KELOWNA – Concern raised about unlicenced, unqualified pet oral hygienists isn’t confined to veterinarians and the college that regulates them: Several groomers who offer dental cleaning in the Okanagan say they are worried the good are getting lumped in with the bad.
Since our story last week about Lexy, an eight-year-old shih-tzu which her owner says had her jaw broken and several teeth pulled by a mobile groomer, we've been contacted by several people who added their voice to concerns about this growing industry in B.C. because the issue isn't just about Lexy.
While the College of Veterinarians of B.C. is seeking an injunction to prevent Tina’s K9 & Feline Teeth Cleaning from performing this work, she also displays and advertises certification on her website from a Vancouver-Island company called K9 Oral Health Association, run by Sylvia MacDonald. Since our story, that website was taken down. The College says some of the "graduates" of the unlicenced and unregulated association go too far in their advertising about sedation-free dental care and the college is investigating. MacDonald has been sanctioned before for advertising claims.
The college has no issue with people charging to brush dogs' teeth and even admit there is benefit when done responsibly.
“There is no provision against anyone cleaning teeth, they can do cosmetic cleaning, but they can’t represent that they do something that is equivalent to what a veterinarian does, including oral health examinations," College registrar John Brocklebank says. “We take issue with the sorts of advertising people are using after they’ve taken Sylvia’s course.”
They say proper teeth cleaning can only be done under anesthesia by a veterinarian because it must reach below the gumline.
Since the InfoNews story became public, readers have come forward with their own experiences that indicate many teeth cleaners are responsible and provide a valuable service that works in conjunction with veterinarians.
Cindy Malach of Kelowna Canine Oral Hygiene has been in business for eight years. She is also a certified dental assistant for humans.
“I am glad this was brought to light,” she says. “I only work on healthy dogs with healthy mouths. If I see anything that is even questionable I refer them to the vet first.”
She says she sends some 75 per cent of her clients to veterinarians, even when that’s not what they want to hear.
“I do get people (who) are very angry when I refuse to clean their dogs’ teeth because of health issues but I wouldn’t do it any other way.”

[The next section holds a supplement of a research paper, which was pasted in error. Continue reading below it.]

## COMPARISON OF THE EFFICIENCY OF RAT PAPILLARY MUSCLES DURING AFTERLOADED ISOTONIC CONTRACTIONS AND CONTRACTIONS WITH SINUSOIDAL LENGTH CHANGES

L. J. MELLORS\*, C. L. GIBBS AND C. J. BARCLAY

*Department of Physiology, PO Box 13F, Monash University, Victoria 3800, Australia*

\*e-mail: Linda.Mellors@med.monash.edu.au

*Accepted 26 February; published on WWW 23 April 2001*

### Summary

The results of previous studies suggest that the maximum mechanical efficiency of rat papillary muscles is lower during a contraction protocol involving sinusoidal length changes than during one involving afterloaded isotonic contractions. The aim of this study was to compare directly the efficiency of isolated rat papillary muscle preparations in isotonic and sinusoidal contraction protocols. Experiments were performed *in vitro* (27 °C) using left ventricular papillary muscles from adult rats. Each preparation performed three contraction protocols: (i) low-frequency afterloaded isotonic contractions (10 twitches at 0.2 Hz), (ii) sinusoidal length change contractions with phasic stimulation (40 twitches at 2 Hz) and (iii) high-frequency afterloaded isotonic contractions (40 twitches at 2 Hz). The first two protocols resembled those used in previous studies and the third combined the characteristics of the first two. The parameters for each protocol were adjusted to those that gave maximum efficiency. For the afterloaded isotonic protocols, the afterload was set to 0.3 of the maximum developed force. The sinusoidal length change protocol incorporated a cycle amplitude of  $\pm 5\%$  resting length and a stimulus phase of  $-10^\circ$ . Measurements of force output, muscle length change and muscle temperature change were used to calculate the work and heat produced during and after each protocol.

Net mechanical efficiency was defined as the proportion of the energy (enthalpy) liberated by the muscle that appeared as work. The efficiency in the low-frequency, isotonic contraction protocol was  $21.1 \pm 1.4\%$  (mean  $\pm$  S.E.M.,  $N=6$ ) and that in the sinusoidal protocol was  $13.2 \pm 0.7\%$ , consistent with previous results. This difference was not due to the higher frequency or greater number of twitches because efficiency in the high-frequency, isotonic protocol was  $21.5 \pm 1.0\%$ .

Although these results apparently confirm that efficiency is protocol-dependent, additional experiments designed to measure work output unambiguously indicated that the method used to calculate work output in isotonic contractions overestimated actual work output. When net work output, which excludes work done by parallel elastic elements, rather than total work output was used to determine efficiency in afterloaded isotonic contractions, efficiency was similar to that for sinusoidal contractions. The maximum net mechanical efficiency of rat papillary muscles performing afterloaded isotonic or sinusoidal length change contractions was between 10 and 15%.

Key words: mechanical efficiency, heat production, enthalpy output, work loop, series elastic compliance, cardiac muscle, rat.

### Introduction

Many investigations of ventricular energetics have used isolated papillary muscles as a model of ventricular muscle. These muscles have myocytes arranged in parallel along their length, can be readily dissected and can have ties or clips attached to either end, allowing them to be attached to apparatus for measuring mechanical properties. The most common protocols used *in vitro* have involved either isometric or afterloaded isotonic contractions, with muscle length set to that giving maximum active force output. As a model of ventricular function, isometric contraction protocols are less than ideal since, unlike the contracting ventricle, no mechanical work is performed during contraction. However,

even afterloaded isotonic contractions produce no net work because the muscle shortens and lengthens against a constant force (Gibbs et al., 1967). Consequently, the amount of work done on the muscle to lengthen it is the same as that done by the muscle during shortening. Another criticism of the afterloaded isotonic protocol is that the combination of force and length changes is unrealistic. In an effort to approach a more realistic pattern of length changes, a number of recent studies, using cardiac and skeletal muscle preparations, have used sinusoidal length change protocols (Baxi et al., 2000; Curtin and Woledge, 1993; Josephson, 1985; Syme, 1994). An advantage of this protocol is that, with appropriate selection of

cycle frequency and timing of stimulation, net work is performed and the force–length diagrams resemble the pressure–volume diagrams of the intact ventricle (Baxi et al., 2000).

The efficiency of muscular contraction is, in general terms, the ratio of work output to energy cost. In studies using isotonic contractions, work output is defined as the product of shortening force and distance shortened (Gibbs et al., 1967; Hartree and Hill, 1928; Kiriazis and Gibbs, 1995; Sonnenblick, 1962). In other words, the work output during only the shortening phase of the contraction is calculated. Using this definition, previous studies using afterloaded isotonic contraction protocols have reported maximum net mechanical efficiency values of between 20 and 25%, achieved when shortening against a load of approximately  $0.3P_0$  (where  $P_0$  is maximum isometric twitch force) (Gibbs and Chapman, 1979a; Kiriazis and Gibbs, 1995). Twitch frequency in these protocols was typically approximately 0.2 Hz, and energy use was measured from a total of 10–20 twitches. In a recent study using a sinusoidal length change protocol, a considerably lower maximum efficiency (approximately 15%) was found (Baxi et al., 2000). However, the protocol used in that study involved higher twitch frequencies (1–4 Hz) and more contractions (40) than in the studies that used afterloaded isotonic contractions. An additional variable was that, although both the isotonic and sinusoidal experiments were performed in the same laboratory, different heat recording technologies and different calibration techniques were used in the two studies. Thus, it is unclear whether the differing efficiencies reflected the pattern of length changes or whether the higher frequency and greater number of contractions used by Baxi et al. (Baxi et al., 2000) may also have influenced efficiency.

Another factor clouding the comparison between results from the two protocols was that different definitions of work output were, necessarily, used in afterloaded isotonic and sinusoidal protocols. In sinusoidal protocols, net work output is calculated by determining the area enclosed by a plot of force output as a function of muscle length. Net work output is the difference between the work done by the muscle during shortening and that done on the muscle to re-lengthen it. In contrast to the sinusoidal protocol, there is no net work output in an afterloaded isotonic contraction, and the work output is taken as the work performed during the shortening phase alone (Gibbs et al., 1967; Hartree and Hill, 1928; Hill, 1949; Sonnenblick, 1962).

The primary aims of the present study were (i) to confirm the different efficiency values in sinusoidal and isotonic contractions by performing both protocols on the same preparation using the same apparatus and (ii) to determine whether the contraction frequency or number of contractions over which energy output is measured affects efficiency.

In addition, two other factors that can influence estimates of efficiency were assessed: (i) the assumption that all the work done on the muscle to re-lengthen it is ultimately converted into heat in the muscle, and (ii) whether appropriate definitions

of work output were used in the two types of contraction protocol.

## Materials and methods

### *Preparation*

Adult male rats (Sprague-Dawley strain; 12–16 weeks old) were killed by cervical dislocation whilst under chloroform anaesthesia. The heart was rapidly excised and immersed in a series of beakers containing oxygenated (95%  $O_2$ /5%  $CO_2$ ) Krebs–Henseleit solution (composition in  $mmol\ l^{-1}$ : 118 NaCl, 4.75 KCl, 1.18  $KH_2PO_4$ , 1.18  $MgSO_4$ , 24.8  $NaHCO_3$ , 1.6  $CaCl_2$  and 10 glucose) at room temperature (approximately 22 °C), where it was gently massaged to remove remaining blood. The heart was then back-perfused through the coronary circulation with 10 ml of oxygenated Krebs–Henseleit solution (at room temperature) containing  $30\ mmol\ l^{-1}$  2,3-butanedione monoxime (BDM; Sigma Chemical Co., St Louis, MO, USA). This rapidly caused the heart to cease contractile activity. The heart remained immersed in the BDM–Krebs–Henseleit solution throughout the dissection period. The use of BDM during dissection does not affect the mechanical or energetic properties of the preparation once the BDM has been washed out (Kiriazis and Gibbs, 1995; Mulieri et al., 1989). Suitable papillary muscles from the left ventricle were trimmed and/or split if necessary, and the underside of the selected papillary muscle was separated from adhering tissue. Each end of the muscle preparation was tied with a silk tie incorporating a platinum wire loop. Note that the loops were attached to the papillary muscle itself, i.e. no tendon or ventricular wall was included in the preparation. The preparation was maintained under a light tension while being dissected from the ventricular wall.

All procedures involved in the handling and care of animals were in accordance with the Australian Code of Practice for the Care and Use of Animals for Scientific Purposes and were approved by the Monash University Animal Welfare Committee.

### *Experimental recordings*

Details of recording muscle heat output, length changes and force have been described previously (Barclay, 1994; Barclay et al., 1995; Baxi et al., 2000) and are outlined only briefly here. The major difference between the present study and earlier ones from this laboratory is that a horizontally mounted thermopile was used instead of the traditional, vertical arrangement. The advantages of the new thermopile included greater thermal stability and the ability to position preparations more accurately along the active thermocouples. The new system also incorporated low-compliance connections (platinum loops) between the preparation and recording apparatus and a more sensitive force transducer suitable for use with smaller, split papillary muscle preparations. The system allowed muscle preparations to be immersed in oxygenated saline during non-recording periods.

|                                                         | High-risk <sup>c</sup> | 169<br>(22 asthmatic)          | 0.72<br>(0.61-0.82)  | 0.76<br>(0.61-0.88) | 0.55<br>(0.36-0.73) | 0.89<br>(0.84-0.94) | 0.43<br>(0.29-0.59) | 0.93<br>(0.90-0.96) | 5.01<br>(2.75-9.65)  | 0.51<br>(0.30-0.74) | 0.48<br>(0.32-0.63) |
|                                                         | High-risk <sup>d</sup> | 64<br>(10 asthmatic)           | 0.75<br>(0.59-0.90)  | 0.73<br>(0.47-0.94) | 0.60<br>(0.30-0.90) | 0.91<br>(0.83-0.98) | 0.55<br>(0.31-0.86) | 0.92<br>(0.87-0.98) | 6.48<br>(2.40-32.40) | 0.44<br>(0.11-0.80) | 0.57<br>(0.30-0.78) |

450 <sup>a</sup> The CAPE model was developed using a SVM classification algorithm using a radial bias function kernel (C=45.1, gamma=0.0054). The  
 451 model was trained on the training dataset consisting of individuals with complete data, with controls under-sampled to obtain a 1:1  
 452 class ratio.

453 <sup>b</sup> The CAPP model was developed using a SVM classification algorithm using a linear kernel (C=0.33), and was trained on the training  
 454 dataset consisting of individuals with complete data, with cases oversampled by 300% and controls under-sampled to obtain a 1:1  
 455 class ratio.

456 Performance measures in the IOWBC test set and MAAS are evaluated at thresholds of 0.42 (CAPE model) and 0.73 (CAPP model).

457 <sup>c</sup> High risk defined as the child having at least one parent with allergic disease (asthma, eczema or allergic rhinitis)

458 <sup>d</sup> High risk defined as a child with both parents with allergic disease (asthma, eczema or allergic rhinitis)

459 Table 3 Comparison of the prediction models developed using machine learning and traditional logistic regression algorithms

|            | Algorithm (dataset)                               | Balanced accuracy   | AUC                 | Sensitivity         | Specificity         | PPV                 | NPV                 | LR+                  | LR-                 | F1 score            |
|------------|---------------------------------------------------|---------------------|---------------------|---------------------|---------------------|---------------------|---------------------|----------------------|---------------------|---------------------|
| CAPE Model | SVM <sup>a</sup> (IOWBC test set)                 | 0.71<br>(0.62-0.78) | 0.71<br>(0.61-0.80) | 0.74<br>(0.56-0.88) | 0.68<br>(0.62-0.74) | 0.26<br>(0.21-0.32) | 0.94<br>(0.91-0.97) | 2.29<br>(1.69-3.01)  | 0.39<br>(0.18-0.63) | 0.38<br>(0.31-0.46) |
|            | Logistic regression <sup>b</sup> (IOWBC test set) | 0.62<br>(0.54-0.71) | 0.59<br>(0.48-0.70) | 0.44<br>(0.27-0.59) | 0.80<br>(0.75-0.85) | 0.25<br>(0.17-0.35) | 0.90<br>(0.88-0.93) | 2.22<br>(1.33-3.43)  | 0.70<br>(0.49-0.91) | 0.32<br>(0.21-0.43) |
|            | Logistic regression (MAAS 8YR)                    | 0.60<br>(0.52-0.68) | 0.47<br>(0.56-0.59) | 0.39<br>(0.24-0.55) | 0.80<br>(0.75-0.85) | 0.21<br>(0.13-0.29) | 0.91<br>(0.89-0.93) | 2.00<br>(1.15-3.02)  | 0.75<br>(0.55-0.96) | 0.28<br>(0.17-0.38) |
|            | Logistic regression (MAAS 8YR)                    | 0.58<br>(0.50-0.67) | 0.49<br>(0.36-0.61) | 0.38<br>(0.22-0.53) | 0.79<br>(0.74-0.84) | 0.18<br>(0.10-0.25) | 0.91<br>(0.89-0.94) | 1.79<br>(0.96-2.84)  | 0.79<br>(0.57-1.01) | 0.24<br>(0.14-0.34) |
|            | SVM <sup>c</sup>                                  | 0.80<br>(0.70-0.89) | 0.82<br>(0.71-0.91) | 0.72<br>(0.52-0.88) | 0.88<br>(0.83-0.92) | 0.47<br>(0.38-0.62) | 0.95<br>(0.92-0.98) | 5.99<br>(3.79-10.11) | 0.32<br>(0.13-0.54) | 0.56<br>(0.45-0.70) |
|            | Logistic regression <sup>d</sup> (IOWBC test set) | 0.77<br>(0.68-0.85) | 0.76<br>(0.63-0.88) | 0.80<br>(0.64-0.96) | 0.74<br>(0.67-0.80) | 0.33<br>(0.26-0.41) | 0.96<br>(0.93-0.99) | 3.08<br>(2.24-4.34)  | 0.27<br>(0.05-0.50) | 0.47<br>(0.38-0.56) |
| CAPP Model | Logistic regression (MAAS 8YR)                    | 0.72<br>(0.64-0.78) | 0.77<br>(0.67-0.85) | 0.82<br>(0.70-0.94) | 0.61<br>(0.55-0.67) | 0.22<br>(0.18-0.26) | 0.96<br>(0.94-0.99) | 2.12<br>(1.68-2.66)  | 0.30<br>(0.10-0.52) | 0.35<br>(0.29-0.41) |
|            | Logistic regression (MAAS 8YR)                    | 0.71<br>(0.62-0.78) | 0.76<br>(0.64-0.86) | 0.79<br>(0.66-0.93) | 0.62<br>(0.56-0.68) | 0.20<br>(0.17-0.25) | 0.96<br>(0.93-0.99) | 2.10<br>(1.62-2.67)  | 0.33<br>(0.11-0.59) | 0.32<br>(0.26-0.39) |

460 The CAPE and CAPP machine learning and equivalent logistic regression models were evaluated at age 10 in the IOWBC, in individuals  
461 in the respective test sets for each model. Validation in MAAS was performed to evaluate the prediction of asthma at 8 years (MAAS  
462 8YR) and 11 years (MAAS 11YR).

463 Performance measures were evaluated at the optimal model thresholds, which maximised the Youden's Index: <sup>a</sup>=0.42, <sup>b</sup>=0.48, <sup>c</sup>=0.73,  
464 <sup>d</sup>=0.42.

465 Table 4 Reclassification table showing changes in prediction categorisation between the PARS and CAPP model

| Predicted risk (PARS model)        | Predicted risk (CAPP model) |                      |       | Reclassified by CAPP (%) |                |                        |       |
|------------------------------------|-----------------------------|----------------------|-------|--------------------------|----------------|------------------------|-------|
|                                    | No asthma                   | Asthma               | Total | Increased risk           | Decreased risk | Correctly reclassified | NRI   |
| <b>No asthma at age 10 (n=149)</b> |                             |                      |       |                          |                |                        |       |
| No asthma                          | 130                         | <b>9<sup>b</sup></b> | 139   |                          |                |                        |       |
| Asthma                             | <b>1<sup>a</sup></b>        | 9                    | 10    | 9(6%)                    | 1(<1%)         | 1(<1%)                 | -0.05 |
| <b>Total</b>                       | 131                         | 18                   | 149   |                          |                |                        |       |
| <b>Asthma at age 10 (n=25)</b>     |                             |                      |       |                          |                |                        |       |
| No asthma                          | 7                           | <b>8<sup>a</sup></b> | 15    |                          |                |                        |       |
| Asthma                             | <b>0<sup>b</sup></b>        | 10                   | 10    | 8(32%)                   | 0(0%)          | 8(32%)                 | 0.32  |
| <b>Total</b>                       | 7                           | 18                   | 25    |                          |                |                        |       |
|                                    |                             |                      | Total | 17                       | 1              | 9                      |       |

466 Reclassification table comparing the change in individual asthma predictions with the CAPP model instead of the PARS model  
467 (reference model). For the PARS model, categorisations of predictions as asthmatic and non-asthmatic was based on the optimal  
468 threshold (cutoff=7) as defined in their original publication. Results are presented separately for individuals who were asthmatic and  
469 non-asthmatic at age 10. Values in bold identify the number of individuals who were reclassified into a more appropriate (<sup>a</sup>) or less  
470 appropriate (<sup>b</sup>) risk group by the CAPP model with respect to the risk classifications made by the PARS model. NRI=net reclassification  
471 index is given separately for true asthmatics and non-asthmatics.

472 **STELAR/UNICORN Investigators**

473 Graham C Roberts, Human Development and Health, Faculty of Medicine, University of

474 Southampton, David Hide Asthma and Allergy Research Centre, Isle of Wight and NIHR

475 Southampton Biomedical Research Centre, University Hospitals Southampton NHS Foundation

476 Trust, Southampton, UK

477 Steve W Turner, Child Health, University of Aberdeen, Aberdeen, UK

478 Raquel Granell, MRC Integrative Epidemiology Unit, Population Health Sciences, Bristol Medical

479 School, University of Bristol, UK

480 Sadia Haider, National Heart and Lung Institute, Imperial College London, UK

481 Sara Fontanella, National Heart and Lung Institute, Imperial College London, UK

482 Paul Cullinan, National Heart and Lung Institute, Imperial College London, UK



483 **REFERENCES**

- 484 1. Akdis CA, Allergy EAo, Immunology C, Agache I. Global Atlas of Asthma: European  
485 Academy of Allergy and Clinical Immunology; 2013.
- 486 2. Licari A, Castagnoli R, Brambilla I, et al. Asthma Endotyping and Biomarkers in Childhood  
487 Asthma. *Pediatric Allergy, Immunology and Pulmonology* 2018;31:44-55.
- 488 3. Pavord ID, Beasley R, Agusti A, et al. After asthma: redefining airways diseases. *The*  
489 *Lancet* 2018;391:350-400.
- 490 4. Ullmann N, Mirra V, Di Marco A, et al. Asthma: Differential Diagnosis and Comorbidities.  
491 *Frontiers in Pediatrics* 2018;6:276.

Malach says regular cleaning, the kind she and others do, is an important aspect of maintenance and prevention. Regular brushing and scaling — the removal of tartar from the surface of the teeth — is not something every owner is able or willing to do. She has many clients who come see her every couple months and are happy with her services. She says her experience in the dental field helps her spot problems which require a vet's attention, whereas some of the others who claim to be dog oral hygienists cannot.
“I’m kind of biased because I work in the dental field,” she says. “I am educated on oral health whereas if somebody isn’t: It scares me. There’s a lot to know.”
Patricia Thompson started a dog teeth cleaning business in Vernon in 2008 and briefly considered joining MacDonald's association. After a meeting, however, she decided it wasn't quite what it was made out to be.
“There’s no such thing as a canine hygienist because there’s no association for that,” she says. “I’ve had concerns about all these businesses popping up all over the place. They’re here today then gone in three months. I don’t know where they come from and it scares me and it makes me mad.”
Thompson and Malach say they never use restraints to immobilize the dogs and charge less than $80 for a cleaning. Both take issue with the $250 bill Lexy’s owner Cheryl Lyse received, saying it gives the impression of a medical procedure when it's not. They also would like to see the industry regulated so incidents like the one experienced by Lyse does not happen again.
“If removing the tartar takes enough time to warrant that charge then the dog should probably see a vet,” Malach says. "If a dog needs to be "forced" or "restrained" it should not be done."
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